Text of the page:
As the already 70-year-old tunnel of Line 1 consisted only of weak reinforced concrete, the SNB simply removed the existing tunnel and built it again as a completely closed reinforced concrete frame. As the station was constructed, there was an underground station tower to attach the station to street level. The line 7 received a 110 meter long and 11.6 meter wide platform. For the small line profile, however uncomfortable two side platforms, each of which was 4.5 meters wide, were built. For the construction of a center platform, the tracks were pulled apart and the line was shut down for a long time. The new station went under the name of Bismarckstraße, together with the extension of line 7 on 28 April 1978 in operation.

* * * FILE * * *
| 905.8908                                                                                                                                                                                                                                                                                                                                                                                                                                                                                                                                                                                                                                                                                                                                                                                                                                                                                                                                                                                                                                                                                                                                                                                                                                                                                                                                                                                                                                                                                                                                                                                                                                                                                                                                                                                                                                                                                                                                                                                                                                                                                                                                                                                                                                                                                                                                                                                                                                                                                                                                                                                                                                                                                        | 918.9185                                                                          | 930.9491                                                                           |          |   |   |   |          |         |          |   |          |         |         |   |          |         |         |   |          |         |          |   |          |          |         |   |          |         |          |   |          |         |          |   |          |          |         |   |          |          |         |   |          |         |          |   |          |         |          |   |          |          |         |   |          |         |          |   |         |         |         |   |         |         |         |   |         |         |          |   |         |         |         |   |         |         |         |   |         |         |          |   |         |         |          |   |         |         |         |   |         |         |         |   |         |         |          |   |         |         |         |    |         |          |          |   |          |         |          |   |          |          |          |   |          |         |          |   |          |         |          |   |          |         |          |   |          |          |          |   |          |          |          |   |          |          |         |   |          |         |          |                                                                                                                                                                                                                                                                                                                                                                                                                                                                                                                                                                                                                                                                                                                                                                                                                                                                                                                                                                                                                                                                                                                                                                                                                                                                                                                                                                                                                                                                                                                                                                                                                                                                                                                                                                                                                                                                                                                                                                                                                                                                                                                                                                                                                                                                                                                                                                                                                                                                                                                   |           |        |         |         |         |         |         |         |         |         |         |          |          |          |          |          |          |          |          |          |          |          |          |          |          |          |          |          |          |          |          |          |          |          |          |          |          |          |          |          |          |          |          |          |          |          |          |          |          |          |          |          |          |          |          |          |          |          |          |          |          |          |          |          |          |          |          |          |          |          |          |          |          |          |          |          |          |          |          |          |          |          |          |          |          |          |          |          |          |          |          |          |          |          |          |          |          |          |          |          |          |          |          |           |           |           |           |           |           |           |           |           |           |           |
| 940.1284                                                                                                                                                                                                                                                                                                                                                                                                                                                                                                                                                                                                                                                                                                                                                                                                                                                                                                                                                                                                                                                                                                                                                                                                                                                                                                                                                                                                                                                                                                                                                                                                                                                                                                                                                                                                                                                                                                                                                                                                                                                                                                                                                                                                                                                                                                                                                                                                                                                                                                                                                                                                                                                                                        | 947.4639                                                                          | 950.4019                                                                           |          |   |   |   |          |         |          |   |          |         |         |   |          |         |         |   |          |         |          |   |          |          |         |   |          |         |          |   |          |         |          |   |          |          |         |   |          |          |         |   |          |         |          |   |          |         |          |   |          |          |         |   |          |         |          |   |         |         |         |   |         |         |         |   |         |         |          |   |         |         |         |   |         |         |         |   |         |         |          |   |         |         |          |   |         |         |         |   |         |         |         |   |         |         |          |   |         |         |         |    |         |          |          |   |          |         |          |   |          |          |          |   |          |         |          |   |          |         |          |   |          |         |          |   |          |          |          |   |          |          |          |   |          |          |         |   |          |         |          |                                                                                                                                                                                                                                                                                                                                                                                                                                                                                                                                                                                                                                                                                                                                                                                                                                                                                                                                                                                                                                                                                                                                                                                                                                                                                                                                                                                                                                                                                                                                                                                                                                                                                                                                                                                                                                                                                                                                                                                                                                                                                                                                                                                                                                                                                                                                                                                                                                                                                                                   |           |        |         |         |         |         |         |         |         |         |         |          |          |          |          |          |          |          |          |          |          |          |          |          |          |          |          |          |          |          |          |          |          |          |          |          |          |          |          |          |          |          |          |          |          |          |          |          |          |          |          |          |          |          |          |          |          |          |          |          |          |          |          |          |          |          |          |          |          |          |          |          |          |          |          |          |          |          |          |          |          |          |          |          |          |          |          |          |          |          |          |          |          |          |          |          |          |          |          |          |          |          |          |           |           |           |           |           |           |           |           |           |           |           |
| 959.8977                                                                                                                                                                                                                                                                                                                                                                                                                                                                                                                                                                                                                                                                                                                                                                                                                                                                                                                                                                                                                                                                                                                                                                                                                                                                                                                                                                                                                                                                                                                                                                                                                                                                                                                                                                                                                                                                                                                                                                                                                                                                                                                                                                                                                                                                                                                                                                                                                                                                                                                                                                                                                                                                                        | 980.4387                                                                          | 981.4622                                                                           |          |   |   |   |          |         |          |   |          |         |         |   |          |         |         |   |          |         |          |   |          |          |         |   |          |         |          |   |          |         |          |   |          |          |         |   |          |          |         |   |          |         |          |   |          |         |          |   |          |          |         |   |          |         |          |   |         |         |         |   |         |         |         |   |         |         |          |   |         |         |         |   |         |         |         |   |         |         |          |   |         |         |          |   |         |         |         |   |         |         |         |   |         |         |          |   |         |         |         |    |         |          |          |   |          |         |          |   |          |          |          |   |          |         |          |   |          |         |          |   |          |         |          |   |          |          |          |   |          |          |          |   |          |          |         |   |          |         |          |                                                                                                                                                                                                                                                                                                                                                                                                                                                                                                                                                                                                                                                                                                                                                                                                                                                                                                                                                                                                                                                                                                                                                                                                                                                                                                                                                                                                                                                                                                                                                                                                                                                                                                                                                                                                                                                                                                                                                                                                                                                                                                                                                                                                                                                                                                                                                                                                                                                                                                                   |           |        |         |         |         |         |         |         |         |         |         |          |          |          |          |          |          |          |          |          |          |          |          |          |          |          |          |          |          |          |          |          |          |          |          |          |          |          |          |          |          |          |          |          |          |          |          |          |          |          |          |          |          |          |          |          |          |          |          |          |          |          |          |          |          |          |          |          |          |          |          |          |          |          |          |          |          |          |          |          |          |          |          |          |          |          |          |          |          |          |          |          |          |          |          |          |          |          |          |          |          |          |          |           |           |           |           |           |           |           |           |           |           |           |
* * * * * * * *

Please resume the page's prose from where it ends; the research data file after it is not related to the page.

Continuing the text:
Reopening of the Wall

    After the opening of the border on 9 November 1989, the line was not set up to handle the high volume of cross-border traffic. While Friedrichstraße station was easily restored for S-Bahn service, a quick restoration of the broken line A after 28 years was not possible.

    However, the so-called "ghost stations" (closed stations, which were passed without stopping) on the U6 and U8 reopened, so interchange was possible from East Berlin's line A to West Berlin's U6 and U8 at Stadtmitte and Alexanderplatz stations respectively.